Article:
A North Korean Foreign Ministry spokesman told the country's state-run news agency that "The enemies have gone beyond the tolerance limit in their despicable moves to dare hurt the dignity of the supreme leadership."
In The Interview, directed by Evan Goldberg and Seth Rogen, Franco and Rogen play two celebrity tabloid journalists who travel to Pyongyang for an exclusive interview with North Korean dictator, Kim Jong-un, prompting the CIA to recruit the pair to assassinate the leader.
"Making and releasing a movie on a plot to hurt our top-level leadership is the most blatant act of terrorism and war and will absolutely not be tolerated," the North Korean spokesman raged, saying it would bring "merciless counter-measures," BBC News reported.
North Korea's threats don't come lightly—evidence has showed that the isolated country has apparently been further developing its nuclear weapons program, which have been used to threaten neighboring countries, according to CNN. Earlier this year, the United Nations released a detailed list of crimes North Korea has committed against its own people in prison camps, including torture, murder, sexual violence, and mass starvation.
The trailer draws on many North Korean stereotypes, calling it the "most dangerous country on Earth," briefing the two journalists that North Koreans will believe anything their leader tells them—including that he can speak to dolphins and doesn't urinate or defecate.
"Wanna go kill Kim Jung-un?"
"Totally, I'd love to assassinate Kim Jong-un. It's a date!"
Rogen comedically took to Twitter on Wednesday in response to the backlash his film produced:
Rogen told Yahoo Movies that the film's plot sprang from a legitimate premise, stating, "People have the hypothetical discussion about how journalists have access to the world's most dangerous people, and they hypothetically would be in a good situation to assassinate them."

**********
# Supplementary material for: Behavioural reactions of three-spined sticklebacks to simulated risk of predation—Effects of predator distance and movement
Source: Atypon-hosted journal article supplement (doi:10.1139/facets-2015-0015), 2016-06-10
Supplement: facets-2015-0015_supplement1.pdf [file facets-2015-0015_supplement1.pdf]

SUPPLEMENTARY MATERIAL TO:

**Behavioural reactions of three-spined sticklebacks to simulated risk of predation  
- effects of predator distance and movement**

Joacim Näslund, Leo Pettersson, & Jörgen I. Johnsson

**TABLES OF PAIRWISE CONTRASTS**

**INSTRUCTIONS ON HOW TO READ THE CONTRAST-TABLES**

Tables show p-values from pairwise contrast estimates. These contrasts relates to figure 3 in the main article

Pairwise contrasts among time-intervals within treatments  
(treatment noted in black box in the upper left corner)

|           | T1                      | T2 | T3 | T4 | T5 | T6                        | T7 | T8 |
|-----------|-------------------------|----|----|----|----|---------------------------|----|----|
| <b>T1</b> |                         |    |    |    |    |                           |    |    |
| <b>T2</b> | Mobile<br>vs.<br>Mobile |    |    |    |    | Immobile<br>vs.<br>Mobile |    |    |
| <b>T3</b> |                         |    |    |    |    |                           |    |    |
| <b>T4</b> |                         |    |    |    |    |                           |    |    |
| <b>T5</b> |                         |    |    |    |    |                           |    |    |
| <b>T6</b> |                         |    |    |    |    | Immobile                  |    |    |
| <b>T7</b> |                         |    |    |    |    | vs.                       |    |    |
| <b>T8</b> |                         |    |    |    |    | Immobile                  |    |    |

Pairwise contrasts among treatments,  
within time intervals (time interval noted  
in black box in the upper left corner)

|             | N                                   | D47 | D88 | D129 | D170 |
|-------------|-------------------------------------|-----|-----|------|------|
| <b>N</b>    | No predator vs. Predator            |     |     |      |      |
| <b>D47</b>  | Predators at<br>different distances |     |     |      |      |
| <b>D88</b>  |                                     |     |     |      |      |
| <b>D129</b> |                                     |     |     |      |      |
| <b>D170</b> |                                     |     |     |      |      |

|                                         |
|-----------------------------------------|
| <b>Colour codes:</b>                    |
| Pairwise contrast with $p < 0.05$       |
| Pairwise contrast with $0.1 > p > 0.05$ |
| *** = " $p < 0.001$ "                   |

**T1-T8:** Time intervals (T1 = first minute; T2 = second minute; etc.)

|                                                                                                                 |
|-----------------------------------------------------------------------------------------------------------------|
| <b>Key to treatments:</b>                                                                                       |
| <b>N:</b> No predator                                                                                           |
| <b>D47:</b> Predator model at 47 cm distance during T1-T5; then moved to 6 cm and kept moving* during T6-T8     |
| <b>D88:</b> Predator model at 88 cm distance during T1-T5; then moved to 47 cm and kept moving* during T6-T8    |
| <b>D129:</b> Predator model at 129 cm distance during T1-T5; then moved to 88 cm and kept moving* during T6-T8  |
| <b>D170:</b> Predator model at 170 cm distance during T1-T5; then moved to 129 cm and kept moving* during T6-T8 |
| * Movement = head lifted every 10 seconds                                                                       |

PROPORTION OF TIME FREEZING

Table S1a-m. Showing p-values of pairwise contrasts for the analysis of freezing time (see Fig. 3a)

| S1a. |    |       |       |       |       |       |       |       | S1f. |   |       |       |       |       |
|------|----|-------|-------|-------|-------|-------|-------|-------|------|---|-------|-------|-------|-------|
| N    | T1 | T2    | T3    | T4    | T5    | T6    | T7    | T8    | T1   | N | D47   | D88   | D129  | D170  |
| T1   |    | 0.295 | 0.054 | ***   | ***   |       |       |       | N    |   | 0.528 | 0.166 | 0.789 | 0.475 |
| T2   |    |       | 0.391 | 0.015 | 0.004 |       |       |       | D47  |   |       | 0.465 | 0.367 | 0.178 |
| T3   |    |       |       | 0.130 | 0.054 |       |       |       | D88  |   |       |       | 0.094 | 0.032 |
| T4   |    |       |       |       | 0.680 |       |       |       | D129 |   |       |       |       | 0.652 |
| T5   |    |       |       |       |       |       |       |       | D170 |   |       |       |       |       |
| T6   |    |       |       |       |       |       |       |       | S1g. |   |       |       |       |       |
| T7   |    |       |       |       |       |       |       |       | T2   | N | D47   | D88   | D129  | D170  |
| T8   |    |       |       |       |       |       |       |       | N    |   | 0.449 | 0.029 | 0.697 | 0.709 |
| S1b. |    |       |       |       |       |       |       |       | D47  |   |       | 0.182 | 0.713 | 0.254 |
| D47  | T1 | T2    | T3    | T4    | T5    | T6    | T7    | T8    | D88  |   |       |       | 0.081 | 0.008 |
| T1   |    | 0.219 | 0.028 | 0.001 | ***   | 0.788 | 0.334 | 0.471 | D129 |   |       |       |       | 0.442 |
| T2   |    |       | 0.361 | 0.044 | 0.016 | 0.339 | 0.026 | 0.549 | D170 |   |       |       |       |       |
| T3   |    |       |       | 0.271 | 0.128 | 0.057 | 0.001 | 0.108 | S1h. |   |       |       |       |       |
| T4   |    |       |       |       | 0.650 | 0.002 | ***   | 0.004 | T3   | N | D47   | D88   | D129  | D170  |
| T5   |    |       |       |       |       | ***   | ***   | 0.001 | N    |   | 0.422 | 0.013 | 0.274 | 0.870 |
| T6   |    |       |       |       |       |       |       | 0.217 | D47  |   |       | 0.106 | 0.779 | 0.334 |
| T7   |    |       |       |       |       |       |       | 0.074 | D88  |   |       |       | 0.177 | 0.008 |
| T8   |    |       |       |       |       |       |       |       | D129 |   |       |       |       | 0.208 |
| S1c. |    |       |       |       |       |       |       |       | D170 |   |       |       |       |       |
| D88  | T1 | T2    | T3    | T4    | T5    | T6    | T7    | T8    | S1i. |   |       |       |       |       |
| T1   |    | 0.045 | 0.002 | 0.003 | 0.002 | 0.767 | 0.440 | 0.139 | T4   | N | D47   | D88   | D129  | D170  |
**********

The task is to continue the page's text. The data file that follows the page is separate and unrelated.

Comedic shots at the North Korean leadership is nothing new—the 2004 film, Team America: World Police, depicted Kim Jon-il as an insecure madman puppet.
Of course, no one wants to be the target of a fictional assassination, but North Korea is notorious for its thin skin when it comes to comedy, or anything negative against it or its leader, for that matter. In recent news, a London hair salon provoked Korean backlash by displaying a photo of Kim Jong-un with "Bad hair day?" to advertise a 15 percent discount on men's haircuts throughout April.
The 2002 James Bond film Die Another Day also caught the attention of North Korea, which attacked the film for "insulting the Korean nation." In the film, James Bond is taken prisoner in North Korea and tortured for 14 months, emerging as a darker, semi-renegade man.
"The U.S. should stop at once the dirty and cursed burlesque aims to slander," the North Korea's official KCNA news agency told The New York Times in December 2002. The news agency also said the film was evidence that the United States is "the root cause of all disasters and misfortune of the Korean nation" and is the "real empire of evil."
The Interview is expected to be in theaters in October.
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